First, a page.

The NASA Orion spacecraft took an important step toward one day ferrying astronauts to Mars last week, as Lockheed Martin powered on the ship’s onboard computers for the first time.

The Orion is NASA’s planned replacement for the long retired space shuttle, and is intended to serve as America’s primary space-based personnel carrier in the years to come.  Once coupled with NASA’s SLS (Space Launch System) rocket platform, which is expected to be the most powerful rocket NASA has ever fielded, the Orion is expected to carry astronauts on a planned mission to Mars in the 2030s, and potentially, even further.  However, before the ship can start making history, it must first prove its systems can function properly.  The powering up of the vessel’s primary computers last Tuesday served as an important step toward that short-term goal.

“This is the brains and heart of the spacecraft,” said Lockheed spokesperson Gary Napier. He added that the inaugural power-up appeared to go “very well.”

The Orion capsule is expected to have even more computer systems installed over the next two months, with a planned (unmanned) test flight around the moon tentatively scheduled for 2019.  These deadlines, however, have often been pushed back, as NASA has struggled to meet the timetables they’ve laid out for both the Orion, and the SLS platform slated to carry it.

“Although astronauts will not fly in this capsule on this flight, a large majority of the [tech is] the same design that astronauts will rely on during following missions with Orion into the solar system,” Lockheed said in a statement.  It makes sense that NASA would first field the craft without risking a crew, though President Trump had previously recommended that they crew the flight in order to expedite the testing process.

Theoretically, the Orion should be able to function entirely autonomously throughout its voyage around the moon, as a crew would also need to rely on the Orion’s guidance systems to manage much of their own voyage to distant destinations like the red planet.  The moon is a formidable 238,900 miles away, but to reach Mars, where Orion’s sights are currently set, it will need to cover a massive 33.9 million miles each way.  At such massive distances in space where course corrections must be made in three dimensions, making it to Mars and back is the type of word problem even math teachers might cringe at approaching, but the Orion needs to be capable of doing that, and much more, simultaneously.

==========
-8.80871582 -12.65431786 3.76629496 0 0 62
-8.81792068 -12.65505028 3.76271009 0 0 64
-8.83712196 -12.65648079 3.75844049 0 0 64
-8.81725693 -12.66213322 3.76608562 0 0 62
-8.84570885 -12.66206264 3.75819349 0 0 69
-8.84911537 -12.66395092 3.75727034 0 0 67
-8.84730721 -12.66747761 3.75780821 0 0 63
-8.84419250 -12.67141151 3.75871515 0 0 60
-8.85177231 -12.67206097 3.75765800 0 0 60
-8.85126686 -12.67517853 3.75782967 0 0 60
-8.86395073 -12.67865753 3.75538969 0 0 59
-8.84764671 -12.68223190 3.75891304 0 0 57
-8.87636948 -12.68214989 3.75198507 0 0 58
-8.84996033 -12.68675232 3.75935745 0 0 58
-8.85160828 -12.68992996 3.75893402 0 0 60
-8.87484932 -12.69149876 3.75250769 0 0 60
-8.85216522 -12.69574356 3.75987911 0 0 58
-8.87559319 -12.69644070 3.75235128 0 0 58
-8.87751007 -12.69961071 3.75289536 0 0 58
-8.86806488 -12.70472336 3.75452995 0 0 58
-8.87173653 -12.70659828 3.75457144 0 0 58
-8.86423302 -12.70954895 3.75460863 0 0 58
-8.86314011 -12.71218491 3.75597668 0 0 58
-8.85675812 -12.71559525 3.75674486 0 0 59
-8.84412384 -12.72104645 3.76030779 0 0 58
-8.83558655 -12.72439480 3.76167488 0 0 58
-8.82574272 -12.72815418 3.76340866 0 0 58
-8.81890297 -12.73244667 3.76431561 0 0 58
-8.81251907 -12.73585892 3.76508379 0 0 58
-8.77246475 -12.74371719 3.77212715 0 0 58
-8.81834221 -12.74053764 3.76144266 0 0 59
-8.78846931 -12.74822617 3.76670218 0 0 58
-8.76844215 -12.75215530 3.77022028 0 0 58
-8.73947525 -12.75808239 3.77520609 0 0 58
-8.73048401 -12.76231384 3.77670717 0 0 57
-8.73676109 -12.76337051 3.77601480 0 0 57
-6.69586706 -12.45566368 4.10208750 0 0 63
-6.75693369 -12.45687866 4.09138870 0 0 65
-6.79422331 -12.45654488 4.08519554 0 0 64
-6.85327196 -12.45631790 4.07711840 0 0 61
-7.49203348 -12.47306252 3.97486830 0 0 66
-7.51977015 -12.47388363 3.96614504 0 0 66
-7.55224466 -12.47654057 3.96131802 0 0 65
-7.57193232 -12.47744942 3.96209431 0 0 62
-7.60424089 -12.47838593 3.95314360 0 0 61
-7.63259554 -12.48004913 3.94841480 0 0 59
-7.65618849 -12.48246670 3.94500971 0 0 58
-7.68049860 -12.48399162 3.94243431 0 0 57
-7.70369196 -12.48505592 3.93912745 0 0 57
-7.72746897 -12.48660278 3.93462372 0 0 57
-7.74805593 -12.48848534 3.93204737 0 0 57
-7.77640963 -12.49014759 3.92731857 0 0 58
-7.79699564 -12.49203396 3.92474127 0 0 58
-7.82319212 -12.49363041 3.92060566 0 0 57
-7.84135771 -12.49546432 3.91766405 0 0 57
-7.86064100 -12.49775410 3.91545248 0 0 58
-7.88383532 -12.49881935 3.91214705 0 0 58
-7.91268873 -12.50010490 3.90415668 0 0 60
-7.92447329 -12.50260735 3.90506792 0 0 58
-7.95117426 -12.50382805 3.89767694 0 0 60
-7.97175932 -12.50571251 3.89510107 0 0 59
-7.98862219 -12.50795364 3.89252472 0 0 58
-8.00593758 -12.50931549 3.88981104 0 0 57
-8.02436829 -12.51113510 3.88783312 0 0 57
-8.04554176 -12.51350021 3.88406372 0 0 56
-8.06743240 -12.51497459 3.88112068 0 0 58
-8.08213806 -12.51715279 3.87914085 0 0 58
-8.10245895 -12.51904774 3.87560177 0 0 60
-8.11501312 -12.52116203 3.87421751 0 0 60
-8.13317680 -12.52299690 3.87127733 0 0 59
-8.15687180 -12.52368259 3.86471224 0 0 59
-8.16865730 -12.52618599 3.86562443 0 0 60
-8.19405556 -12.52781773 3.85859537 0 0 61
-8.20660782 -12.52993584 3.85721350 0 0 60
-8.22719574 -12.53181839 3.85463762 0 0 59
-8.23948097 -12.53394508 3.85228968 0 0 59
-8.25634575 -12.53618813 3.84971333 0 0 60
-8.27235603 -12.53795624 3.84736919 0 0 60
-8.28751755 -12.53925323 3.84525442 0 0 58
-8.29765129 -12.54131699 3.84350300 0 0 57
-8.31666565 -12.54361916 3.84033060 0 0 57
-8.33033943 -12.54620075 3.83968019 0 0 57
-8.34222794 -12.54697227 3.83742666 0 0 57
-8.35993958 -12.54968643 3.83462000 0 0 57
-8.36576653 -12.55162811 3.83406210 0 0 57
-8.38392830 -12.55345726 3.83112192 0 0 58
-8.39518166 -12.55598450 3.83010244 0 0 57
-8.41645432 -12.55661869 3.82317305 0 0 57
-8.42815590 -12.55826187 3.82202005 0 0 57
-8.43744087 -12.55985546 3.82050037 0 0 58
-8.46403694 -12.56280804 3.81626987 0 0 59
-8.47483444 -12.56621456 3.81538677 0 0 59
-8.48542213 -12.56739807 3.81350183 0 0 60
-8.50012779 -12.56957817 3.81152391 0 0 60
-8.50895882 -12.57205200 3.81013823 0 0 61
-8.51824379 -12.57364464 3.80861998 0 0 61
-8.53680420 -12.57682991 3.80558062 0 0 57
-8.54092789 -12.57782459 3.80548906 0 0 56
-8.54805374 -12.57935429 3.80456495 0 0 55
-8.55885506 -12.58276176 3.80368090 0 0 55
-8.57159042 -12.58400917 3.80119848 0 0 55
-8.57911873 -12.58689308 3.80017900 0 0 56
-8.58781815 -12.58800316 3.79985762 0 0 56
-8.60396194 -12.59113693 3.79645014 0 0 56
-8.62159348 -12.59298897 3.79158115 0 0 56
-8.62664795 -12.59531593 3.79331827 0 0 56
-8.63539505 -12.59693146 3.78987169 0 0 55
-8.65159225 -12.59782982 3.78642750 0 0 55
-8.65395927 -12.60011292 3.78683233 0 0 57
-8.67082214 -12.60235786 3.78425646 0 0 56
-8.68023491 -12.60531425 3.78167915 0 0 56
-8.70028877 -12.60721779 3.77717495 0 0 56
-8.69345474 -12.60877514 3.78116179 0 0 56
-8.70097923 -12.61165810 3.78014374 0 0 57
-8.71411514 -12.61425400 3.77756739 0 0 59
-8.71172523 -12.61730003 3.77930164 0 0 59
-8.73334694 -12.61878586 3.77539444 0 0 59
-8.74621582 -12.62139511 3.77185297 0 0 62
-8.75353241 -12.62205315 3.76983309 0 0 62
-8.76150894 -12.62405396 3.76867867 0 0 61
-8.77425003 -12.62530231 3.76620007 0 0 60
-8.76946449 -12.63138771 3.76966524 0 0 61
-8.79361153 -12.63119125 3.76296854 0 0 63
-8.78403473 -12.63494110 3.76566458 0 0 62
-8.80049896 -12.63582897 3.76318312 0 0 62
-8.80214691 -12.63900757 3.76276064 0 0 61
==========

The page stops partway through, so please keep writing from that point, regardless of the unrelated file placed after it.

Orion was designed from the beginning to take humanity farther into space than we’ve ever gone,” Mike Hawes, the Orion program manager at Lockheed, said in a statement. “Everyone on the team understands how crucial this test campaign is, and more importantly, what this spacecraft and mission means to our country and future human space flight.”

Of course, the Orion and SLS are not without their critics.  Many have drawn attention to the rapid advancements made by private organizations like SpaceX, stating that the slowly progressing capsule and platform NASA intends to field has taken too long and cost too much, with months, or even years, remaining before the American people can expect to see it take to the sky with a crew of its own.  SpaceX, on the other hand, intends to begin ferrying people into space next year, and has already been making regular deliveries to the International Space Station with its own reusable rockets.